I was still tetchy from the previous evening at Villambistia, and I wanted to walk alone. I wanted to walk in quiet solitude. The loud, boisterous antics of the family ahead of me was the antithesis of what I wanted. Their vibe jarred with my mood but I reasoned:

How nice: this family are spending quality time together in nature, this Sunday morning.

They could be staring at TV, or buying things they don’t need in the nearest shopping mall. Instead, they’re out here, doing this, together.

I could get on board with that.

But still, they made quite a din.

I overtook them on the trial and walked on ahead, alone. The noise followed me through the trees, through the village of Agés, and to my final destination of Atapuerca. After walking 23.6km I could go no further. I asked for a bed in one of the hostels there, and prayed for a quiet afternoon to garner some space.

As if!

 

 

 

Following an Impulse in Epinosa del Camino

I left the small village of Villambistia in the early morning darkness, and walked 1.7km to the next village – Epinosa del Camino. There, I found a small café bar that was brightly lit and open for business. Within: hot coffee, and freshly-toasted baguette with butter and jam.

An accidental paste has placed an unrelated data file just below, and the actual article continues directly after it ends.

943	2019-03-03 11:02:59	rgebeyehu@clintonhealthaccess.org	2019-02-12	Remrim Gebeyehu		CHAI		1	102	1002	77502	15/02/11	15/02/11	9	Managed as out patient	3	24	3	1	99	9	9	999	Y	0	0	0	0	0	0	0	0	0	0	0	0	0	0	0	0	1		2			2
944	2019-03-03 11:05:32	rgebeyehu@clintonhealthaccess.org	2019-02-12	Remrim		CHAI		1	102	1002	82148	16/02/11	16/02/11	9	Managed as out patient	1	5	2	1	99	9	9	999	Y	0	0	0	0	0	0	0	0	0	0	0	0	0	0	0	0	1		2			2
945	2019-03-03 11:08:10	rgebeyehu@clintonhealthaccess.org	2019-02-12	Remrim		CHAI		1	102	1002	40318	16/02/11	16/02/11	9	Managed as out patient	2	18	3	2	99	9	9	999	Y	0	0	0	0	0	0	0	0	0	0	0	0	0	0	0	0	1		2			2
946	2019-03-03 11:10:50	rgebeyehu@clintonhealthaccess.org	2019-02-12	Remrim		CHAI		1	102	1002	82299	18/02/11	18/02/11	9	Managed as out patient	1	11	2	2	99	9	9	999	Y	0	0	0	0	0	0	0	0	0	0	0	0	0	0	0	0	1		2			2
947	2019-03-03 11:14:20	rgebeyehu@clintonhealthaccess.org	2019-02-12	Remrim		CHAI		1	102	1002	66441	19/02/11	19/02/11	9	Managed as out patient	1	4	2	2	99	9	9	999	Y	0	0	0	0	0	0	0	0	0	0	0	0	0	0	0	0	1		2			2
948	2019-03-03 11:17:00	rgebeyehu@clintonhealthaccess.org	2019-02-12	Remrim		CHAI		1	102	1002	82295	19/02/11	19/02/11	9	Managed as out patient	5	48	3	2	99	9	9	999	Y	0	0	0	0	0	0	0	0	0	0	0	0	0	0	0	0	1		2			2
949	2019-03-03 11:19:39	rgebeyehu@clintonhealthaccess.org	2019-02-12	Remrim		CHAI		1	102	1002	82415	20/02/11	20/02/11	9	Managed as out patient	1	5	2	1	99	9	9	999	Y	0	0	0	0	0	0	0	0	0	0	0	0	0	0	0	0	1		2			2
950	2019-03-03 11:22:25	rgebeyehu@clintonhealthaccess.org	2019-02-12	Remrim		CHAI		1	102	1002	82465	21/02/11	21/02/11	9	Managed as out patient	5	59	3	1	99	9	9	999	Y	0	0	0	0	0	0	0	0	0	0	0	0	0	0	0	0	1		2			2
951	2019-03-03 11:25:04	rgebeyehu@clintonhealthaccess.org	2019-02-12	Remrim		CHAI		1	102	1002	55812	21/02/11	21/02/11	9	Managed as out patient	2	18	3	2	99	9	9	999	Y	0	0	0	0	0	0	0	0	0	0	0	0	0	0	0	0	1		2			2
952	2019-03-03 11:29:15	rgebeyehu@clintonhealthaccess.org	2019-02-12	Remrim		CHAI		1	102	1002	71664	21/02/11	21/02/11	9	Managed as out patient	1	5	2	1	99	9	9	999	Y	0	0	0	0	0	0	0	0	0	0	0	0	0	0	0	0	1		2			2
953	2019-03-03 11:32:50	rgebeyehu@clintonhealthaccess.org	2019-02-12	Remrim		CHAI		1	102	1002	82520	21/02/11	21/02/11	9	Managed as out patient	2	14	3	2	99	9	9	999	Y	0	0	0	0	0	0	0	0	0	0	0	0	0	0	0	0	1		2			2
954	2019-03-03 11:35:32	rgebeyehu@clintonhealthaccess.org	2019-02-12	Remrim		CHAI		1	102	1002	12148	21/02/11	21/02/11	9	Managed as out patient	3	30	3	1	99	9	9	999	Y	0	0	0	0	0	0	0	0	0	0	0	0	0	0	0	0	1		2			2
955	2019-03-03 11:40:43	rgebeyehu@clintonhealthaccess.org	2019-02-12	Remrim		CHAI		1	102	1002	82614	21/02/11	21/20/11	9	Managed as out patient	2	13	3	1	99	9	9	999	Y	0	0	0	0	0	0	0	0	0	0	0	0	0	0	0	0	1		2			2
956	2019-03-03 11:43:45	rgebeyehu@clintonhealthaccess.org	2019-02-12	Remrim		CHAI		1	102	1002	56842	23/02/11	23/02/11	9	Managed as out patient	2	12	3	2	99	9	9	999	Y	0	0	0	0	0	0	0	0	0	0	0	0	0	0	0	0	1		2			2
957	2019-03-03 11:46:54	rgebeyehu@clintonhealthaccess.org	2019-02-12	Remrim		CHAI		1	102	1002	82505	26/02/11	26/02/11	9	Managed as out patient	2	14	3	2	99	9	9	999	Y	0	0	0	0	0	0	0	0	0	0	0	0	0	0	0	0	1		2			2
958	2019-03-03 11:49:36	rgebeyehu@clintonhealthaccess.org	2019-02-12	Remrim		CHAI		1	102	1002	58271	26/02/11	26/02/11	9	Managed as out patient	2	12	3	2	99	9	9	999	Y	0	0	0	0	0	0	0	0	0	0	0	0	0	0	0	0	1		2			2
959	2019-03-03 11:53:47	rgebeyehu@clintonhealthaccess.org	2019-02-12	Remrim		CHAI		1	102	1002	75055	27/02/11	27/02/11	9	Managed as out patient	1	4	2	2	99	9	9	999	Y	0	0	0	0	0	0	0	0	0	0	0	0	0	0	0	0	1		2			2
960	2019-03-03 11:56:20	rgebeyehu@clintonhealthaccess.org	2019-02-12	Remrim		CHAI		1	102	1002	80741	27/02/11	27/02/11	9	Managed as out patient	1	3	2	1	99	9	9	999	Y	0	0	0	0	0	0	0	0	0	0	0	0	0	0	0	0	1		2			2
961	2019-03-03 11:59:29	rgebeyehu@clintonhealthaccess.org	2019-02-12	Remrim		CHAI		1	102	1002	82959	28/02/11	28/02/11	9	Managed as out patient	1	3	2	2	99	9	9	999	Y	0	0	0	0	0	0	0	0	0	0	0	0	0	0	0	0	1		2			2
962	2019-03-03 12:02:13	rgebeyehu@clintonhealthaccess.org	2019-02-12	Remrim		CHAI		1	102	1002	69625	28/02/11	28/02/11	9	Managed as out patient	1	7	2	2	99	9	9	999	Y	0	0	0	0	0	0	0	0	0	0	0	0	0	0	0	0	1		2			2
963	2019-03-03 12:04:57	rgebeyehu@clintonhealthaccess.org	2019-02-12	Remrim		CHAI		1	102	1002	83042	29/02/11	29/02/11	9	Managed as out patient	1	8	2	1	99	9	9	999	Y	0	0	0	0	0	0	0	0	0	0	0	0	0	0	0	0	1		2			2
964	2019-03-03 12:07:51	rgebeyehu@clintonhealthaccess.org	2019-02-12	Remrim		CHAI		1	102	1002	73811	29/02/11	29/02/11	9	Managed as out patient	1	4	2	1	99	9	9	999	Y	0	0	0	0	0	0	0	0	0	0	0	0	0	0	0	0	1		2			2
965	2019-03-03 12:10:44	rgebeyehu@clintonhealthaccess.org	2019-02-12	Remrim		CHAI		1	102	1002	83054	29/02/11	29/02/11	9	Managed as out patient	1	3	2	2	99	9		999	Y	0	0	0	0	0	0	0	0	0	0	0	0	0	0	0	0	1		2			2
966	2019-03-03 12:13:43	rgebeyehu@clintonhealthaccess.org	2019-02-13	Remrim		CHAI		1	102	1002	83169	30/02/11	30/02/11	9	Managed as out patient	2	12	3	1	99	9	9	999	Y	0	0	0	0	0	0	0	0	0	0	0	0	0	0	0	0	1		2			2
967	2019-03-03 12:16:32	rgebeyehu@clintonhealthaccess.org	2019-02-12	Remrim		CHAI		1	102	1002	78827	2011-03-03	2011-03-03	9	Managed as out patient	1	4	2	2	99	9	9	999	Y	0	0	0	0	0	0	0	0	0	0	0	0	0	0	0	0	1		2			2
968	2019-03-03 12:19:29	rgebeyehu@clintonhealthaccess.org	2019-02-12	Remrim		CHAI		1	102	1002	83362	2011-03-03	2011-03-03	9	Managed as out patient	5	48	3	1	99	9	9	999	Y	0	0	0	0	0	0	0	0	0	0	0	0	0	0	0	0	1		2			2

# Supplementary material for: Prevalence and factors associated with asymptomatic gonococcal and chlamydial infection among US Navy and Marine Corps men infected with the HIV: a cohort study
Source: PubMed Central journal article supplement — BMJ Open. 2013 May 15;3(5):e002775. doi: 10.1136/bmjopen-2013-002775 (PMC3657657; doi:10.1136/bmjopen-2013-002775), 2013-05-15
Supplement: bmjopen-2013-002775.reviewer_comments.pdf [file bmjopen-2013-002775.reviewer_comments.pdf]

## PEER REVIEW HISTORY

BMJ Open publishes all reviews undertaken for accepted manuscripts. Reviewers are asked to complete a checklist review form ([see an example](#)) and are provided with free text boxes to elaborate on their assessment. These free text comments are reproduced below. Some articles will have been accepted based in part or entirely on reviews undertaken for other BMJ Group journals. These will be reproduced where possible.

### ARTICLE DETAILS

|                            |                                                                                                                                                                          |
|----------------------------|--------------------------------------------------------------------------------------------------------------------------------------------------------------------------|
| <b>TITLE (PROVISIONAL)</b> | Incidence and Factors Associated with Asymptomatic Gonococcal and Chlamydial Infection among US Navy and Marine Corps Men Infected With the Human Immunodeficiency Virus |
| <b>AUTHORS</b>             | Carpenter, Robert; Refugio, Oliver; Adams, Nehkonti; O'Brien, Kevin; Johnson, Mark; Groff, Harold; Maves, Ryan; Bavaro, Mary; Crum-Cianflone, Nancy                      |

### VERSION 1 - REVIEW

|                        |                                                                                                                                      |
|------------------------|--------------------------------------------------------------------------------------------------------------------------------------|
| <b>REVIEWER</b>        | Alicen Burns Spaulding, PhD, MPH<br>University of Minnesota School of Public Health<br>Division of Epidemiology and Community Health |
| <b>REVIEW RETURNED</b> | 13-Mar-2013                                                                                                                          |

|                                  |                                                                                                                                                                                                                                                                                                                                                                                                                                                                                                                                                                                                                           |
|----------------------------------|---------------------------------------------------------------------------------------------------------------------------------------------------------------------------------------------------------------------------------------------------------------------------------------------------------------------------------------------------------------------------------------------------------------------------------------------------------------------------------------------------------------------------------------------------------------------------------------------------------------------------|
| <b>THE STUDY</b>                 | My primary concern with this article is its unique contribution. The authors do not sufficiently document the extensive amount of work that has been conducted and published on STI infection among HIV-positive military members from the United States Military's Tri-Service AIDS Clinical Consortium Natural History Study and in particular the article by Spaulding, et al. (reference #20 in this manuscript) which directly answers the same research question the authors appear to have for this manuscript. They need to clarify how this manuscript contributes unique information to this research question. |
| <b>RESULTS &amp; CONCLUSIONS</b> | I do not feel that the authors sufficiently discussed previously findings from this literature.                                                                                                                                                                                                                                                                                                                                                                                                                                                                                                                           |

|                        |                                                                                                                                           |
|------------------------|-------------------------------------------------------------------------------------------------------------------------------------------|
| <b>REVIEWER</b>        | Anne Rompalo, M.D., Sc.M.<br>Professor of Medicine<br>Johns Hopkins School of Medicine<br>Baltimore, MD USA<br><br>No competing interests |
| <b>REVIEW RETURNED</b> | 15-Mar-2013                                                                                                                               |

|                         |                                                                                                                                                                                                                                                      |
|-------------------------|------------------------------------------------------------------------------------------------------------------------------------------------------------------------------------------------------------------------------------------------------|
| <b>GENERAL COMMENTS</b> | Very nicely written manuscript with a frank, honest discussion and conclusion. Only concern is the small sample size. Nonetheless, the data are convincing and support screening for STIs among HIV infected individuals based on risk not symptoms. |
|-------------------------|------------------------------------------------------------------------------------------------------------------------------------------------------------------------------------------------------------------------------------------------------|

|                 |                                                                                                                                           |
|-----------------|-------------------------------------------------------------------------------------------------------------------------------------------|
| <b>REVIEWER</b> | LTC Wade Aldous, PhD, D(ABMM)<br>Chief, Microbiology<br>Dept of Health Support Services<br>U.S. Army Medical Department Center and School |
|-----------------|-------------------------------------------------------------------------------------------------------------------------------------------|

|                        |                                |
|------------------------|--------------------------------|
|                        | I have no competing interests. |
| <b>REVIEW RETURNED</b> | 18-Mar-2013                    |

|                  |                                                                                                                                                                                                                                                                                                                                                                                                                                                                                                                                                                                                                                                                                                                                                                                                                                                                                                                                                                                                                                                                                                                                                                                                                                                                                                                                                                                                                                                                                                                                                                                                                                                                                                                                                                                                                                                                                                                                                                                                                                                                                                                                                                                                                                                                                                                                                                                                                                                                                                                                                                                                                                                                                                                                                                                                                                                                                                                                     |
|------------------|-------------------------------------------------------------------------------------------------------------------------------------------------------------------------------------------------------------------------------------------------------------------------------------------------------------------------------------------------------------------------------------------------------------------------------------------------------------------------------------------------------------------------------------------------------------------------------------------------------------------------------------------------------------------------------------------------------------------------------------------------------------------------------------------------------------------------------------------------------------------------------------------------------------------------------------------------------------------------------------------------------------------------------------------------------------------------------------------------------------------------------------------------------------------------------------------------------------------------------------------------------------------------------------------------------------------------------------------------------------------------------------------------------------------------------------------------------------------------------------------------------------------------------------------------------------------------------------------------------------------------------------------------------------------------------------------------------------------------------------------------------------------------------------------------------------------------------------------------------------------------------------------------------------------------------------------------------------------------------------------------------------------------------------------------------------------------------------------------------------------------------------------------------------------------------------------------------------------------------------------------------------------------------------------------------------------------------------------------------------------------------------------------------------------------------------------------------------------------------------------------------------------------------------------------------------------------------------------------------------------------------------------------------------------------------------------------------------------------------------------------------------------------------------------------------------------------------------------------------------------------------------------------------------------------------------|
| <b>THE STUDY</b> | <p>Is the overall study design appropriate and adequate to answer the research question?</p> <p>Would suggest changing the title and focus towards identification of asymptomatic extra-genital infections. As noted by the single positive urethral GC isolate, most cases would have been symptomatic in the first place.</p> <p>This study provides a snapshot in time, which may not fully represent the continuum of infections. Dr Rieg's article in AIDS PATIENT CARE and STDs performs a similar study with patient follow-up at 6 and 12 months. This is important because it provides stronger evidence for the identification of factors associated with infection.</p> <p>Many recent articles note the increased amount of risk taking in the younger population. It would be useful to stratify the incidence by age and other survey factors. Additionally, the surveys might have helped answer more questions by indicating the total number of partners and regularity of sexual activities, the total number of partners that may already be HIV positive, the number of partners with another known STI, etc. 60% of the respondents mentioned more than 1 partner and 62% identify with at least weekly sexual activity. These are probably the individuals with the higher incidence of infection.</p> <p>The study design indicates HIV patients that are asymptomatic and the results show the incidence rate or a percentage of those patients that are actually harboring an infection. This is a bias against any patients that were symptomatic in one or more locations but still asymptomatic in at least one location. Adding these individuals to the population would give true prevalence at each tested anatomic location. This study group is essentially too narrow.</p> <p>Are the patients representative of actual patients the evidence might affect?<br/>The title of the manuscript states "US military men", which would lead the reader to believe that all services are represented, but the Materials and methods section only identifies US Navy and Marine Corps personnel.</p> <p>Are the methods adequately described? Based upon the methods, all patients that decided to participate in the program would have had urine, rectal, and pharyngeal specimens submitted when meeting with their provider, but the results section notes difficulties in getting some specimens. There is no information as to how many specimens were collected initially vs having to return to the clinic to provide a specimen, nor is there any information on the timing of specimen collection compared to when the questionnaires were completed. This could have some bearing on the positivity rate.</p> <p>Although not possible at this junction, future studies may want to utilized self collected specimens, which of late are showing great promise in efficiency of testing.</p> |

Hmmmm….Camino breakfast…:-)

The Canadian ladies I’d met the day before joined me and somehow we organised to buy each other’s breakfast as a small treat. Our meal cost only a few Euro but it was a small token of friendship in the dark morning, in this tiny village of only 36 inhabitants. How amazing that this village was half the size of Villambistia but was the one with a café bar open for business at 6.30am, while Villambistia slept on.

The women and I had crossed paths several times in the preceeding 10 days – staying in some of the same hostels or passing each other on the trail. I’d witnessed one of them tend to blisters and black toenails because her hiking boots crippled her feet. I also witnessed her replace those $200 hiking boots with a pair of light running shoes, and abandon the boots in an albergue along the way. After the change of footwear, there was no stopping her!